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FLASHBACK: Federal judge orders Arizona to issue driver's licenses to thousands of illegal immigrants

Illegal immigrants

(NaturalNews) Another nail in the coffin of the once-great nation that was America occurred just recently, thanks to a ruling by a federal judge in a case that should never have even made it to court.

As reported by The Associated Press (AP), U.S. District Judge David Campbell cleared the way for thousands of young illegal immigrants in Arizona who were protected from deportation by President Obama's executive action to now be able to apply for and receive driver's licenses.

The ruling was a preliminary injunction against the state from being able to enforce Gov. Jan Brewer's policy of denying the younger illegal immigrants licenses, as part of the state's efforts to keep its elections fair and equitable.

The injunction, which took effect Dec. 22, was supposedly just a formality that builds on a ruling by the U.S. 9th Circuit Court of Appeals, the nation's most liberal, in July.

Keeping elections fair and legal is somehow not in Arizona's interests?

The AP reported:

The move in Arizona to deny the licenses was a reaction to steps taken by the Obama administration in June 2012 to shield thousands of immigrants from deportation. Brewer's move marked the nation's most visible challenge to the Obama policy.

She has asked the U.S. Supreme Court to review her appeal of the 9th Circuit decision.

Nebraska is the only other state to have made similar denials, and a federal judge this year dismissed a lawsuit contesting that state's policy.

Obama's executive action is applicable to illegal immigrants younger than 30 years old who allegedly came into the country before their 16th birthday (though honestly, there is no real way to be able to verify how old they really were when they actually got into the country), have been in the U.S. at least five continuous years (again, verification), are enrolled in or have graduated from high school or a GED program, or have served in the U.S. military.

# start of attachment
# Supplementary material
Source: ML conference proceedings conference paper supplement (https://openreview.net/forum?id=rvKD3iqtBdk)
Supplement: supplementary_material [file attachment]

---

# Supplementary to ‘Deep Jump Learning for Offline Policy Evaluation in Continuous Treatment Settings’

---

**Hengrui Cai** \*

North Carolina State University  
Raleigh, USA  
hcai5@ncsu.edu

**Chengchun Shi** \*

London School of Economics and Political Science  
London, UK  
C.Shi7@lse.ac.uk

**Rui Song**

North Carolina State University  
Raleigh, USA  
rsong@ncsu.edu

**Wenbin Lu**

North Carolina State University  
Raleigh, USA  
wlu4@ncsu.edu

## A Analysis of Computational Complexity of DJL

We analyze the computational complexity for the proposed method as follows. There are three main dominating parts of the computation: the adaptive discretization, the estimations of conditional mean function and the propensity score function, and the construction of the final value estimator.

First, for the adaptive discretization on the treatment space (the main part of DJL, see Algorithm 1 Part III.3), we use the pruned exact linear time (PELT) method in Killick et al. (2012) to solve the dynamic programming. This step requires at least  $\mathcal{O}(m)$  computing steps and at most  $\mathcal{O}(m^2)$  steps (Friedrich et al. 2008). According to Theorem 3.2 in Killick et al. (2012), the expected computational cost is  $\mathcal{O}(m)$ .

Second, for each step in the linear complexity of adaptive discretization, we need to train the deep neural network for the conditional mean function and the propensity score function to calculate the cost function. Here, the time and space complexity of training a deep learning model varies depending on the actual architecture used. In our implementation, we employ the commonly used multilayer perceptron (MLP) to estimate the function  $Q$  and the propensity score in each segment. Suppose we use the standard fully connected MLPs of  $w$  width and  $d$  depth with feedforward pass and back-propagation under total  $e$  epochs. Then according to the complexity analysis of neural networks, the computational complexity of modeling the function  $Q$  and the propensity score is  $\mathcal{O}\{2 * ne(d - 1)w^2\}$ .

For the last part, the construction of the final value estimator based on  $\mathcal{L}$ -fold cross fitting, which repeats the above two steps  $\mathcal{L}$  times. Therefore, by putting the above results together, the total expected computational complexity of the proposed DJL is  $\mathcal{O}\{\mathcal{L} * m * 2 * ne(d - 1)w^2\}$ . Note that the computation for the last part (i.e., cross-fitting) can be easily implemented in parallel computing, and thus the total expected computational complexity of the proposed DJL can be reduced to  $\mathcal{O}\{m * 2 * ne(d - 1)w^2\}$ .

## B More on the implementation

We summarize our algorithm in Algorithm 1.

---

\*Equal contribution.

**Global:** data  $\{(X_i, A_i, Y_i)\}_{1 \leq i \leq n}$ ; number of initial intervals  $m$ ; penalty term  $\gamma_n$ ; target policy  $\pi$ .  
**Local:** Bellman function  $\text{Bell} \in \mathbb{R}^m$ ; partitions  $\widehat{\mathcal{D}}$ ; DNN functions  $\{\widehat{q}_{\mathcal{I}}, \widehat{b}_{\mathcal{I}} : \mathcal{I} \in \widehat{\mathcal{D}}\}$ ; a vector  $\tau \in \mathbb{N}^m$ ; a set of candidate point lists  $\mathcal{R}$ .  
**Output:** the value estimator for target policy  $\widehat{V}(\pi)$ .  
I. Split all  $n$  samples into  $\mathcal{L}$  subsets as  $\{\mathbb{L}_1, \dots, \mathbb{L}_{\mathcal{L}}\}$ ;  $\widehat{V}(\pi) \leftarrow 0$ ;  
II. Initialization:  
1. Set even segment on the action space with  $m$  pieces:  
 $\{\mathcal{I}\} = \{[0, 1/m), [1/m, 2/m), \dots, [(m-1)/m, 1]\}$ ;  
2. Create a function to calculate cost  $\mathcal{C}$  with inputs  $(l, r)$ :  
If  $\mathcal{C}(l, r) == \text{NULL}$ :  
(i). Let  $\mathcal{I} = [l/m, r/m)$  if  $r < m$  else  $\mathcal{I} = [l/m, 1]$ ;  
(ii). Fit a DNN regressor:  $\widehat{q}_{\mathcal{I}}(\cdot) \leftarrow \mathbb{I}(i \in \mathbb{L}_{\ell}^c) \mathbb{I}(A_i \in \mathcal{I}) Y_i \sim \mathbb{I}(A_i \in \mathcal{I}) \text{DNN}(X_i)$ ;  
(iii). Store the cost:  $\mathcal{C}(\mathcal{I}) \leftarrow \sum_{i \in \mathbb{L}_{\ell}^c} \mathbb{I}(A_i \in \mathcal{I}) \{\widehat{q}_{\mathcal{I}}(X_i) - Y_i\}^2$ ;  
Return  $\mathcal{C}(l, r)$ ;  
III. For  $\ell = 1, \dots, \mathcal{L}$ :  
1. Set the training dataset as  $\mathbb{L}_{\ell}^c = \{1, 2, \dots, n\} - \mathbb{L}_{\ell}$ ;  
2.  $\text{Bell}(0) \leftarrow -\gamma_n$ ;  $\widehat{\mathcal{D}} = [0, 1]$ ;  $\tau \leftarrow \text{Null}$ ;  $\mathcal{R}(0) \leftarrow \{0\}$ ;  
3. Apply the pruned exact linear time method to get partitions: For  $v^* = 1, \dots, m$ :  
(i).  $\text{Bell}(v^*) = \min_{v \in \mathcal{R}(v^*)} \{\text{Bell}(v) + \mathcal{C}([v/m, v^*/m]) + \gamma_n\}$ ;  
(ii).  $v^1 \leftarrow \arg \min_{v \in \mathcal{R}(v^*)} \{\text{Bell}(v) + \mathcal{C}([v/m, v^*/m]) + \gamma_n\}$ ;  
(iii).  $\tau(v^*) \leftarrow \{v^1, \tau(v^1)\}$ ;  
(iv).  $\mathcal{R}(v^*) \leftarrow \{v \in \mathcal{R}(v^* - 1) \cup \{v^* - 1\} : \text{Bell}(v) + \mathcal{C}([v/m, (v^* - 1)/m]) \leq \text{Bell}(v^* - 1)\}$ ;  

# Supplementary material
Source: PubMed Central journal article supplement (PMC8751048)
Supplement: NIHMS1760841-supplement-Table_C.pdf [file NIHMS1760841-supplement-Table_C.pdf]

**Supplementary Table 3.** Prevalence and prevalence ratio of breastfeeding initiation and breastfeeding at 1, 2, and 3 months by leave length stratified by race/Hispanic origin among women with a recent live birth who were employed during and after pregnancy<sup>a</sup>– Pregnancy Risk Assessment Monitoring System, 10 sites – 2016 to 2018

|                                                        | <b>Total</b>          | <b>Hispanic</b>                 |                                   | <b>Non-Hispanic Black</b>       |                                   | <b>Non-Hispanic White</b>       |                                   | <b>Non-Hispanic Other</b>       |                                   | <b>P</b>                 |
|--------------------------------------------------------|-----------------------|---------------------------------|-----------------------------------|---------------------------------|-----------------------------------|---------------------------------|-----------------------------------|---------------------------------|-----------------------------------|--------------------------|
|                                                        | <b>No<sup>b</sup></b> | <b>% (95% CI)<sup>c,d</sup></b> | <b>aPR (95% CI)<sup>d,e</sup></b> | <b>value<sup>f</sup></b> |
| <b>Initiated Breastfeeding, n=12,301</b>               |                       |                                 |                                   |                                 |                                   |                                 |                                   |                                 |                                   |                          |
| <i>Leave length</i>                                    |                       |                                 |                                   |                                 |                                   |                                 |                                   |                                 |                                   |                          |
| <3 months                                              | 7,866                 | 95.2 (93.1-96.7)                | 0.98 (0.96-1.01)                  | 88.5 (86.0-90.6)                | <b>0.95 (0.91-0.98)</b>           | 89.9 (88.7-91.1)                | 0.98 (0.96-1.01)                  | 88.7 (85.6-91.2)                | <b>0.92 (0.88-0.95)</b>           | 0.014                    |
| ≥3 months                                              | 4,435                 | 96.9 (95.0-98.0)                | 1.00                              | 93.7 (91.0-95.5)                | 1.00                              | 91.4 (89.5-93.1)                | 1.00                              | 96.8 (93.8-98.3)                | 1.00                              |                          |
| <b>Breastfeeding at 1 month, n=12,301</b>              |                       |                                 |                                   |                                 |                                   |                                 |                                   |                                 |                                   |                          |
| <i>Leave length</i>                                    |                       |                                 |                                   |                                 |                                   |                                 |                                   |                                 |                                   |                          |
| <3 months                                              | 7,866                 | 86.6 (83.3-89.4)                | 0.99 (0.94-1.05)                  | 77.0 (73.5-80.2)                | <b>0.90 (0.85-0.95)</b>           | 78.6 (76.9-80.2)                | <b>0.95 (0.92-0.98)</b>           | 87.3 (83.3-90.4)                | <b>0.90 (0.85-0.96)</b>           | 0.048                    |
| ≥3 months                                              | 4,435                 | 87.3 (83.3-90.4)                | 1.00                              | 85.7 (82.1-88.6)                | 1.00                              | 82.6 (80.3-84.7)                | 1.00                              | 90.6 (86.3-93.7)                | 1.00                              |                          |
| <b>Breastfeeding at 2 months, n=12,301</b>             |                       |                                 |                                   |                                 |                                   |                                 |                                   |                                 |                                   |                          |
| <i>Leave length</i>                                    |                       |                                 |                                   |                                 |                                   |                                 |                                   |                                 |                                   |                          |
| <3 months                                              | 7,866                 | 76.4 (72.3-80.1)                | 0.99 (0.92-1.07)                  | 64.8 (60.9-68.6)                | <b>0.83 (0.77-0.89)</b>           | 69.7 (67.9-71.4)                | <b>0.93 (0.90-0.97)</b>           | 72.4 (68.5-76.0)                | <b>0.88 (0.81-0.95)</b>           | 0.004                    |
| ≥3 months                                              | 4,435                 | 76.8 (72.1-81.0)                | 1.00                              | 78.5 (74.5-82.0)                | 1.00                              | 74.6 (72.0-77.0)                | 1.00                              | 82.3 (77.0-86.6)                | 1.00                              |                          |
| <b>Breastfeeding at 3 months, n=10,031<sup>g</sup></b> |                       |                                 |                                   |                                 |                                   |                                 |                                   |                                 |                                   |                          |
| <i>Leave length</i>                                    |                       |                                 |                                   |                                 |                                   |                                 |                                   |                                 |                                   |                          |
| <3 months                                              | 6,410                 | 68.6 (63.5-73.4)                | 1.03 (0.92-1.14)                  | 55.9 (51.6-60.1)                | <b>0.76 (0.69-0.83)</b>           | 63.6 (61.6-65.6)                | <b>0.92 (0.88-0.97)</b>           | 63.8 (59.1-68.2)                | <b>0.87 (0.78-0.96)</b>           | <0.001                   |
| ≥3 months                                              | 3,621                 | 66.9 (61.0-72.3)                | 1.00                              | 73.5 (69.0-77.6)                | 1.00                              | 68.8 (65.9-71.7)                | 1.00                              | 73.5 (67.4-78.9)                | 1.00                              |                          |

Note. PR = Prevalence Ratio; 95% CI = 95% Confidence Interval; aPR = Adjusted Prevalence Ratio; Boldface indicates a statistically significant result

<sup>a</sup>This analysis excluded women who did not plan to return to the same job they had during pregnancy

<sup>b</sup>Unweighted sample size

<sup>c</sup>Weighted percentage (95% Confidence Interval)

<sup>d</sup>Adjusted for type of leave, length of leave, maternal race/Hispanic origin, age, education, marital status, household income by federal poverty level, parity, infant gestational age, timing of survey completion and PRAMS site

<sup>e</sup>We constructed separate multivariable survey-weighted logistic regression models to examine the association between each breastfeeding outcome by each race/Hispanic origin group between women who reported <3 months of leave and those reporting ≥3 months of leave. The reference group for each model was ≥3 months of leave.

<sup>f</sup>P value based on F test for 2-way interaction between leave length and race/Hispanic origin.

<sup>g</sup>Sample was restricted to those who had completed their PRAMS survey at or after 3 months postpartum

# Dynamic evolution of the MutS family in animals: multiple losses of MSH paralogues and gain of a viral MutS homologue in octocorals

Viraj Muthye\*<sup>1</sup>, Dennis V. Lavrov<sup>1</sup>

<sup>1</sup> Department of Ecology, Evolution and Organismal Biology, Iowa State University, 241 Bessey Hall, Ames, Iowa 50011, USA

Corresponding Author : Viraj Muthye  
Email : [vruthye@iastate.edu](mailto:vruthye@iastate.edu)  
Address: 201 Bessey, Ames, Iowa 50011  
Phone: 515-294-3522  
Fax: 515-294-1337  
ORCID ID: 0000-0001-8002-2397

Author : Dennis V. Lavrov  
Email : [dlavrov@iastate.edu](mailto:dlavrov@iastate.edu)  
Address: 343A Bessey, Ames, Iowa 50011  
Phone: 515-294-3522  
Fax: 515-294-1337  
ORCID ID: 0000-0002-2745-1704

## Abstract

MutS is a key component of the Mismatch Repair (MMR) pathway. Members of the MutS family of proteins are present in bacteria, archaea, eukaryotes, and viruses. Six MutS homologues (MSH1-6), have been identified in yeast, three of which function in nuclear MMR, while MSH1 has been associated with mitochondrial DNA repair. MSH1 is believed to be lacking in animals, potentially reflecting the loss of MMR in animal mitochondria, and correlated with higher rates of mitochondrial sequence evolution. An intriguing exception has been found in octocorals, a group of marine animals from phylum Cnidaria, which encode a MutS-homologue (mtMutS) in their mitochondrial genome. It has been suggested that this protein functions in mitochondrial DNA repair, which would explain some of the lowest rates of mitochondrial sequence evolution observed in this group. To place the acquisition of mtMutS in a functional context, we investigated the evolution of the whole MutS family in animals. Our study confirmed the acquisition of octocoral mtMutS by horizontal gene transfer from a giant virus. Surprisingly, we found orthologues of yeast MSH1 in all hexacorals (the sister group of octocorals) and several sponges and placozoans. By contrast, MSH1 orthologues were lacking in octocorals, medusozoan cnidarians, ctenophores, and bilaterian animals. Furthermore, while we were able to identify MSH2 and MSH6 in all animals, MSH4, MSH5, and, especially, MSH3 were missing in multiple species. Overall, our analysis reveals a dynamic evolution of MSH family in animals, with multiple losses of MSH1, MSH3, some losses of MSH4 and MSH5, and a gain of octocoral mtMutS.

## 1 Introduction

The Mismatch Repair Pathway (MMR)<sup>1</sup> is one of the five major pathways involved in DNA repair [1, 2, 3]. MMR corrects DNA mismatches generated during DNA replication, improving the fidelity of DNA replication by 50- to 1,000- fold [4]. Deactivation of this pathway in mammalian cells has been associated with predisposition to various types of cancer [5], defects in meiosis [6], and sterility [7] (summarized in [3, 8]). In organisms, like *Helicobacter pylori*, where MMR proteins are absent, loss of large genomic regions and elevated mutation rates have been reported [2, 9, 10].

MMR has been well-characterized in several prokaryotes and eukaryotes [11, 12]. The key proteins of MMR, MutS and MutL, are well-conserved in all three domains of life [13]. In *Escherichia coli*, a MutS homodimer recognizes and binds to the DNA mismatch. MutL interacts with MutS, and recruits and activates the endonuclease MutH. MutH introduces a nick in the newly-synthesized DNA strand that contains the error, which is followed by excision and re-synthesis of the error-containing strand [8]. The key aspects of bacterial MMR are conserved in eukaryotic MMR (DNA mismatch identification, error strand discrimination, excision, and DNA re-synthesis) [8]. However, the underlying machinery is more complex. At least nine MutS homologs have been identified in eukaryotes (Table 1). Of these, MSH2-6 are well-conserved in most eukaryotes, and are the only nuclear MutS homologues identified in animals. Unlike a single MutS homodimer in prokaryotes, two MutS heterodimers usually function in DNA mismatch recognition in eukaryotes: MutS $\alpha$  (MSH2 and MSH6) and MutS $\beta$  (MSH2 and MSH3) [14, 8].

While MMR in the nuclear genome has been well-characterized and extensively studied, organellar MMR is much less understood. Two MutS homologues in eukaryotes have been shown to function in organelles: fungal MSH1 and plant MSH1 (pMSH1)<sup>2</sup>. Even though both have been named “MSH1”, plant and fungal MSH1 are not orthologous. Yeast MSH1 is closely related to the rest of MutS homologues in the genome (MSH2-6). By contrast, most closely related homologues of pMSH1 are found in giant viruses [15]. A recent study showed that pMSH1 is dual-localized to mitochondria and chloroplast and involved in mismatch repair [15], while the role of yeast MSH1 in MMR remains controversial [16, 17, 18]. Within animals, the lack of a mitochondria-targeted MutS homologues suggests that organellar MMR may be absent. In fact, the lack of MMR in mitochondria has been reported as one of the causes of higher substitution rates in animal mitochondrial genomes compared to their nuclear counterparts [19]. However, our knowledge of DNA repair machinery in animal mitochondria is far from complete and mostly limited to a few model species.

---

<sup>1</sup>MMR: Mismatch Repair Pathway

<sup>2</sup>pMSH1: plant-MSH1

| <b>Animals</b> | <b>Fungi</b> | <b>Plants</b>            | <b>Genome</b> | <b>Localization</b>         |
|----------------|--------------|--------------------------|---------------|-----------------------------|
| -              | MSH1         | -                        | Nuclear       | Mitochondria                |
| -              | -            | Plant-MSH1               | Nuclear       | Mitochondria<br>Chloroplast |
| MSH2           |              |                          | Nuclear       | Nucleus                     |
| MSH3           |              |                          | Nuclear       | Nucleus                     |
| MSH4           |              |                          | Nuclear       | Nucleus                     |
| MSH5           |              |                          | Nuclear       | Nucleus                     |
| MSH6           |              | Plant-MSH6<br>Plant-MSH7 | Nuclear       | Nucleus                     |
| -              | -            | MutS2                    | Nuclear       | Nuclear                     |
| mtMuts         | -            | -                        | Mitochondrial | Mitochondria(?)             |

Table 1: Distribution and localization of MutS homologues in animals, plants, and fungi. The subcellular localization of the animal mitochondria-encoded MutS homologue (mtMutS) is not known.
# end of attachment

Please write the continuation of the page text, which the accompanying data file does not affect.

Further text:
In addition, the AP noted, under Obama's action applicants could also apply for two-year renewable work permits.

In August 2012 Brewer issued her own executive order that directed state agencies to deny driver's licenses and additional public benefits to illegal immigrants who got work authorizations under Obama's action.

Attorneys for the state argued that Brewer's order came out of concerns of liability and the aim of reducing the risk to taxpayers of licenses being used to improperly access public benefits. Other proponents of Brewer's action noted that the licenses could also be used to vote in elections -- a right that non-citizens do not possess in Arizona or the U.S. in general.

Immigration rights advocates complained, however, that her rule change made it harder or even impossible for young illegals to participate in essential activities like going to school and stores, as well as finding and holding a job.

So much for sovereignty

The AP further reported:

In July, the 9th U.S. Circuit Court of Appeals concluded that there was no legitimate state interest in treating the immigrants differently from other noncitizens who could apply for driver's licenses. Instead, the court suggested Brewer's order was intended to express hostility toward the immigrants, in part because of the federal government's policy toward them.

How the judges on the appeals court could possibly know what was in Brewer's heart and mind when she issued her order -- other than what she publicly stated as the reasons for doing so -- is anybody's guess. It's also hard to see how a court could find that preventing non-citizens from participating in activities reserved only to citizens by law -- like voting -- is not in the state's interests.

After Obama, via executive memorandum, directed the Department of Homeland Security in November to broaden his 2012 order, Arizona joined 23 other states in a federal suit alleging that he overstepped his constitutional powers in a manner that will simply worsen humanitarian crises along the U.S. border.

All changes to immigration law should be done through Congress, the plaintiffs in that suit argue.





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